Study conducted at the Institute of Orthopaedics and Traumatology, Hospital das Clnicas, Medical College, University of So Paulo So Paulo, Brazil. Correspondences to: Almir Fernando Barbarini - Rua Jos Maria Lisboa, 285 apto 41 Jardim Paulista So Paulo SP Brasil - almirbarbarini@terra.com.br 1. Chairman of the Department of Orthopaedics and Traumatology 2. Assistant Doctor and Head of the Spine Group 3. Assistant Doctor of the Spine Group 4. Preceptor Doctor of the Spine Group Received in: 08/26/05; approved in: 12/08/05 ACTA ORTOP BRAS 14(2) - 2006

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showing improvement only during the use of such drugs. At examination, she presented with pain at palpation on the fourth lumbar vertebra, without deformities, and unchanged neurological and vascular tests. The picture was investigated with X-ray images of the lumbar spine, which did not present changes. Scintiscan study with the use of Tc 99m showed increased uptake on the vertebral body of the fourth lumbar vertebra at the left (Figure 1). Computed tomography studies of the lumbar spine revealed a hypo-attenuation area surrounded by a hyper-attenuation area bone sclerosis suggesting an osteogenic tumor (Figures 2 and 3). A supplementary study with magnetic resonance showed a signal change with 1 cm in diameter at the vertebral body of the fourth lumbar vertebra, near left pedicle basis, surrounded by an area of signal compatible with bone edema (Figure 4 and 5). Data concerning anamnesis, physical examination and additional tests suggested the presence of osteoma osteoid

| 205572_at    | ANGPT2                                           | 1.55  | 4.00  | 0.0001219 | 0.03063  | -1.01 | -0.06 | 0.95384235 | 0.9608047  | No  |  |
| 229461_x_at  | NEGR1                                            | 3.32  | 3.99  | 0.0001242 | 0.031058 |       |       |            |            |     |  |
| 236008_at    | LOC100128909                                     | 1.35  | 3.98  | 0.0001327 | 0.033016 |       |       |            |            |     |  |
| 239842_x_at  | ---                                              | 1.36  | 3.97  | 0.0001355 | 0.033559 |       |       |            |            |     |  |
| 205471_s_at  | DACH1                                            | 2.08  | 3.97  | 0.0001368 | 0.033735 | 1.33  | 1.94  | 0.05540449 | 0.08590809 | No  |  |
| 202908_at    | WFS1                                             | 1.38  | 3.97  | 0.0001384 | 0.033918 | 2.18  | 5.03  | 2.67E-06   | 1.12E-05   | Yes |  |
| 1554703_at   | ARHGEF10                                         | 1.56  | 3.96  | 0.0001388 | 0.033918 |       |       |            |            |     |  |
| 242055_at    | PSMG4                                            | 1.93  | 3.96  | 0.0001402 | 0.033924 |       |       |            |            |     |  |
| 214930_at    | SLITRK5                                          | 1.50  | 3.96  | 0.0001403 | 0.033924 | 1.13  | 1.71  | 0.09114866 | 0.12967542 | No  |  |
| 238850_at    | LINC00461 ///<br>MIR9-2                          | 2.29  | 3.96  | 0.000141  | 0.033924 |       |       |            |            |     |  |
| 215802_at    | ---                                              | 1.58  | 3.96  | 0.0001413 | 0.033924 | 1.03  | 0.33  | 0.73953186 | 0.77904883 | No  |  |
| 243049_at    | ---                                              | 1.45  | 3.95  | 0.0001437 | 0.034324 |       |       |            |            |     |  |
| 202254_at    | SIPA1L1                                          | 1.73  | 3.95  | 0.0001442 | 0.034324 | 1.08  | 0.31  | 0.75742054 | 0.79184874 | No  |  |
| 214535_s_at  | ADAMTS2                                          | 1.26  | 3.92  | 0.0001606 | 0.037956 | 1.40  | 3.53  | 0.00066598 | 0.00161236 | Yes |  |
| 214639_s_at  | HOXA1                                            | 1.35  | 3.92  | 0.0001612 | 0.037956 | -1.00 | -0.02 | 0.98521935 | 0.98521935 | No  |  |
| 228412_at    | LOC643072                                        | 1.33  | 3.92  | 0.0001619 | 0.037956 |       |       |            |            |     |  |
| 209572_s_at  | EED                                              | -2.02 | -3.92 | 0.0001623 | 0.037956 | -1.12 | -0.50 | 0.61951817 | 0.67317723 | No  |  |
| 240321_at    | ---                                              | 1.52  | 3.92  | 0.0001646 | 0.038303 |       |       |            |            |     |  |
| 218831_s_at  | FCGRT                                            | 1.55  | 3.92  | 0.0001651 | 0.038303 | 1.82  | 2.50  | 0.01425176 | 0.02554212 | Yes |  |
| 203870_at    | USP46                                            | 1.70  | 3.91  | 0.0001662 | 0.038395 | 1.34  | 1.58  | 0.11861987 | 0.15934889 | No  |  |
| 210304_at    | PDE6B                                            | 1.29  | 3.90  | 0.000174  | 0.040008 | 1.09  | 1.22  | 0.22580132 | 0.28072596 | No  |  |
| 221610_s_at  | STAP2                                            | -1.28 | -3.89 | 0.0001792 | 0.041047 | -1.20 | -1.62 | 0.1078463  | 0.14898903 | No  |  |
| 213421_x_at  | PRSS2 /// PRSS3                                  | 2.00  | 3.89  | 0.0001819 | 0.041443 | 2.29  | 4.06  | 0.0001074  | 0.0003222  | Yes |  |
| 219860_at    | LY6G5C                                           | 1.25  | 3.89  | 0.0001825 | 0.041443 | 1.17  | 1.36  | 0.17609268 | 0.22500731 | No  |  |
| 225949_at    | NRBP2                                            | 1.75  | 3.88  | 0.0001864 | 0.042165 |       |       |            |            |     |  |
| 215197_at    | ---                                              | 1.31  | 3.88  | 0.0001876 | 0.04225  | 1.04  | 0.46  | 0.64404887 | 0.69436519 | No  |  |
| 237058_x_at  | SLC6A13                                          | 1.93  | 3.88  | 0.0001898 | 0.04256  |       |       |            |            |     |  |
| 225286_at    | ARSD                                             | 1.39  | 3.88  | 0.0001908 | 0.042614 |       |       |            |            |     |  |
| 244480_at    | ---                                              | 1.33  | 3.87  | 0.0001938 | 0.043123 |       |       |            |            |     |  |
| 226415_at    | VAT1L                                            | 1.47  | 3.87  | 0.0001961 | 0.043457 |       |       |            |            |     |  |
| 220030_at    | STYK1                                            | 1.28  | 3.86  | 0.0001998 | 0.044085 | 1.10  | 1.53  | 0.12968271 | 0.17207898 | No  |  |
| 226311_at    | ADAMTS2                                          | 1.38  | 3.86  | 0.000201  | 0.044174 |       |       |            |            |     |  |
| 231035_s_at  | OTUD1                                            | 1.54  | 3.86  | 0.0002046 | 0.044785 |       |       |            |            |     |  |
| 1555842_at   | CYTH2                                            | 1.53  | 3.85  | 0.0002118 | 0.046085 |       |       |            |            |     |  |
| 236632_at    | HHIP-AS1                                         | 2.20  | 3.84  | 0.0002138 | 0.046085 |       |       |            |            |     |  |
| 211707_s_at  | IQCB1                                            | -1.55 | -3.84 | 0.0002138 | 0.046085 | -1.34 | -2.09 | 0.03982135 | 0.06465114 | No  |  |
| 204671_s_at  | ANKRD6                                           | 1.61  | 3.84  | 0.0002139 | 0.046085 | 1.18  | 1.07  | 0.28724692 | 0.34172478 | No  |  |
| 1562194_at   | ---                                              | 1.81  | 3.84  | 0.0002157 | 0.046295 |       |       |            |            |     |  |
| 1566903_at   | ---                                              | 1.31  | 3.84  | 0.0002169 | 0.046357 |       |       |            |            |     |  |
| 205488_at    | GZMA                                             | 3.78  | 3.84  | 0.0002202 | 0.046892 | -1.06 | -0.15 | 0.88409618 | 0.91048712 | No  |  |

at the vertebral body of the fourth lumbar vertebra. A tomography-guided biopsy was performed, collecting material for culture, pathologic studies in paraffin and for fast freezing (in print). The freezing-type pathologic study ruled out the presence of neoplasic cells. At the same anesthetic moment, a minimally invasive destruction of the tumor by radiofrequency with the use of Arthrocare tip, guided by computed tomography was performed (Figure 6). The anatomical-pathological test in paraffin confirmed the diagnosis of osteoid osteoma (Figure 7). There was no bacterial growth in collected cultures. The patient was allowed to walk after the procedure with a Putins corset, which the patient had to wear for six weeks, showing a progressive improvement of pain. Six months after the procedure, computed tomography studies did not show tumor presence (Figure 8) and the patient was no longer experiencing lumbar pain.

Figure 1 Scintiscan study using Tc 99m showed increased uptake at the vertebral body of the fourth lumbar vertebra to the left.